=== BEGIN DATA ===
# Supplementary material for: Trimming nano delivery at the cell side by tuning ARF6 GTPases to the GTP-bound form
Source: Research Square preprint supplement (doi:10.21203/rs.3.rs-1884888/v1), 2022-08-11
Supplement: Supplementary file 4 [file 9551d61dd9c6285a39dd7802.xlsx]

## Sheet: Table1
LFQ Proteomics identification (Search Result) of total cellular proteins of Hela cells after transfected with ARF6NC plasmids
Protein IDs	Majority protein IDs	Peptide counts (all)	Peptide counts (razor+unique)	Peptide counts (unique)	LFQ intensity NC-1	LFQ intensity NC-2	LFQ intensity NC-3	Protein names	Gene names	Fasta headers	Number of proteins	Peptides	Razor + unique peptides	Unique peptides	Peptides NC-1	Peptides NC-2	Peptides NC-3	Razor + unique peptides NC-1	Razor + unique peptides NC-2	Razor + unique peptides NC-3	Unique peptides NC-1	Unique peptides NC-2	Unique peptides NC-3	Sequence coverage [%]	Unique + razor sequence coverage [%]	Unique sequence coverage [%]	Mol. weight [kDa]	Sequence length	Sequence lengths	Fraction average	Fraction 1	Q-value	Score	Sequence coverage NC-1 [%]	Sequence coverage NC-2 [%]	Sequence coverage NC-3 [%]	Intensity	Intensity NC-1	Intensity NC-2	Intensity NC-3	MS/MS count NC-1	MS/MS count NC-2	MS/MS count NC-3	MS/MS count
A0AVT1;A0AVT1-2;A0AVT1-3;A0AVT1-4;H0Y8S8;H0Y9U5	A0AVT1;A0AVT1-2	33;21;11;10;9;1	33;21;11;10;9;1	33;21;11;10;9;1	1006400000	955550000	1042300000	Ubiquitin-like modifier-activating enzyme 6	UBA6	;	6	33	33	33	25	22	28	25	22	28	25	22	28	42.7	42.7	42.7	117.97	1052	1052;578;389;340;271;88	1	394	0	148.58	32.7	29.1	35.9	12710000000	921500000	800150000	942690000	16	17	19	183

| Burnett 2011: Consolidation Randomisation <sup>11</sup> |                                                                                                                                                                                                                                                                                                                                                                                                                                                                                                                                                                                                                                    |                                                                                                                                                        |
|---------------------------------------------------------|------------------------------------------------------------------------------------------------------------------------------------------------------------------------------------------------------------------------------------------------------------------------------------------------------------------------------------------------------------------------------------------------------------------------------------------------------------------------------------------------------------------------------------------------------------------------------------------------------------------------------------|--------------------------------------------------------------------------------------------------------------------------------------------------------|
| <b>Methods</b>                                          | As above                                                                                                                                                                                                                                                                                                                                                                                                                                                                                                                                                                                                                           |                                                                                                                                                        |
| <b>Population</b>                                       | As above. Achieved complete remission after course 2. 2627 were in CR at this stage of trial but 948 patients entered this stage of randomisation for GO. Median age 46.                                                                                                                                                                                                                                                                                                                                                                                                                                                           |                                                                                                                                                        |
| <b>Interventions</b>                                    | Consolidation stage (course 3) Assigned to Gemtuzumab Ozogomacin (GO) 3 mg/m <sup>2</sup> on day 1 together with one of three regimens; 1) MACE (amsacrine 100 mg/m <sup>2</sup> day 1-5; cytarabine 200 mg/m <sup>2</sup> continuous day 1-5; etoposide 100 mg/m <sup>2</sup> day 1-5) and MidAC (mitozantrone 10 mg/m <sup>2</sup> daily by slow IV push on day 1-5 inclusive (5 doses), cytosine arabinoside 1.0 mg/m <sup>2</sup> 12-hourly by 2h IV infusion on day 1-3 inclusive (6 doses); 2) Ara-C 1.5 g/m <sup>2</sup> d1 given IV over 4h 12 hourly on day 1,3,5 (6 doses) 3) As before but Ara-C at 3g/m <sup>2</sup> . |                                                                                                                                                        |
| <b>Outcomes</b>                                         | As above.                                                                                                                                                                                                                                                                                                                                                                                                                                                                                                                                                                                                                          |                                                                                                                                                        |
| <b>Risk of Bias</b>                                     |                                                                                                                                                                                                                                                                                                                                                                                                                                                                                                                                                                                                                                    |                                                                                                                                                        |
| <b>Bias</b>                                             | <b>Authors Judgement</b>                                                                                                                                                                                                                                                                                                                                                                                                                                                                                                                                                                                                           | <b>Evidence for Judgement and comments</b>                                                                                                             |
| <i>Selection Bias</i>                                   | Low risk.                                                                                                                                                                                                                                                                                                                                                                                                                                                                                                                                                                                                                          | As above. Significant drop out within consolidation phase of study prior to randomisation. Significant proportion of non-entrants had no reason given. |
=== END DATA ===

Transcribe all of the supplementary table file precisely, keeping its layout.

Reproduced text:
# Supplementary material for: Trimming nano delivery at the cell side by tuning ARF6 GTPases to the GTP-bound form
Source: Research Square preprint supplement (doi:10.21203/rs.3.rs-1884888/v1), 2022-08-11
Supplement: Supplementary file 4 [file 9551d61dd9c6285a39dd7802.xlsx]

## Sheet: Table1
LFQ Proteomics identification (Search Result) of total cellular proteins of Hela cells after transfected with ARF6NC plasmids
Protein IDs	Majority protein IDs	Peptide counts (all)	Peptide counts (razor+unique)	Peptide counts (unique)	LFQ intensity NC-1	LFQ intensity NC-2	LFQ intensity NC-3	Protein names	Gene names	Fasta headers	Number of proteins	Peptides	Razor + unique peptides	Unique peptides	Peptides NC-1	Peptides NC-2	Peptides NC-3	Razor + unique peptides NC-1	Razor + unique peptides NC-2	Razor + unique peptides NC-3	Unique peptides NC-1	Unique peptides NC-2	Unique peptides NC-3	Sequence coverage [%]	Unique + razor sequence coverage [%]	Unique sequence coverage [%]	Mol. weight [kDa]	Sequence length	Sequence lengths	Fraction average	Fraction 1	Q-value	Score	Sequence coverage NC-1 [%]	Sequence coverage NC-2 [%]	Sequence coverage NC-3 [%]	Intensity	Intensity NC-1	Intensity NC-2	Intensity NC-3	MS/MS count NC-1	MS/MS count NC-2	MS/MS count NC-3	MS/MS count
A0AVT1;A0AVT1-2;A0AVT1-3;A0AVT1-4;H0Y8S8;H0Y9U5	A0AVT1;A0AVT1-2	33;21;11;10;9;1	33;21;11;10;9;1	33;21;11;10;9;1	1006400000	955550000	1042300000	Ubiquitin-like modifier-activating enzyme 6	UBA6	;	6	33	33	33	25	22	28	25	22	28	25	22	28	42.7	42.7	42.7	117.97	1052	1052;578;389;340;271;88	1	394	0	148.58	32.7	29.1	35.9	12710000000	921500000	800150000	942690000	16	17	19	183

| Burnett 2011: Consolidation Randomisation <sup>11</sup> |                                                                                                                                                                                                                                                                                                                                                                                                                                                                                                                                                                                                                                    |                                                                                                                                                        |
|---------------------------------------------------------|------------------------------------------------------------------------------------------------------------------------------------------------------------------------------------------------------------------------------------------------------------------------------------------------------------------------------------------------------------------------------------------------------------------------------------------------------------------------------------------------------------------------------------------------------------------------------------------------------------------------------------|--------------------------------------------------------------------------------------------------------------------------------------------------------|
| <b>Methods</b>                                          | As above                                                                                                                                                                                                                                                                                                                                                                                                                                                                                                                                                                                                                           |                                                                                                                                                        |
| <b>Population</b>                                       | As above. Achieved complete remission after course 2. 2627 were in CR at this stage of trial but 948 patients entered this stage of randomisation for GO. Median age 46.                                                                                                                                                                                                                                                                                                                                                                                                                                                           |                                                                                                                                                        |
| <b>Interventions</b>                                    | Consolidation stage (course 3) Assigned to Gemtuzumab Ozogomacin (GO) 3 mg/m <sup>2</sup> on day 1 together with one of three regimens; 1) MACE (amsacrine 100 mg/m <sup>2</sup> day 1-5; cytarabine 200 mg/m <sup>2</sup> continuous day 1-5; etoposide 100 mg/m <sup>2</sup> day 1-5) and MidAC (mitozantrone 10 mg/m <sup>2</sup> daily by slow IV push on day 1-5 inclusive (5 doses), cytosine arabinoside 1.0 mg/m <sup>2</sup> 12-hourly by 2h IV infusion on day 1-3 inclusive (6 doses); 2) Ara-C 1.5 g/m <sup>2</sup> d1 given IV over 4h 12 hourly on day 1,3,5 (6 doses) 3) As before but Ara-C at 3g/m <sup>2</sup> . |                                                                                                                                                        |
| <b>Outcomes</b>                                         | As above.                                                                                                                                                                                                                                                                                                                                                                                                                                                                                                                                                                                                                          |                                                                                                                                                        |
| <b>Risk of Bias</b>                                     |                                                                                                                                                                                                                                                                                                                                                                                                                                                                                                                                                                                                                                    |                                                                                                                                                        |
| <b>Bias</b>                                             | <b>Authors Judgement</b>                                                                                                                                                                                                                                                                                                                                                                                                                                                                                                                                                                                                           | <b>Evidence for Judgement and comments</b>                                                                                                             |
| <i>Selection Bias</i>                                   | Low risk.                                                                                                                                                                                                                                                                                                                                                                                                                                                                                                                                                                                                                          | As above. Significant drop out within consolidation phase of study prior to randomisation. Significant proportion of non-entrants had no reason given. |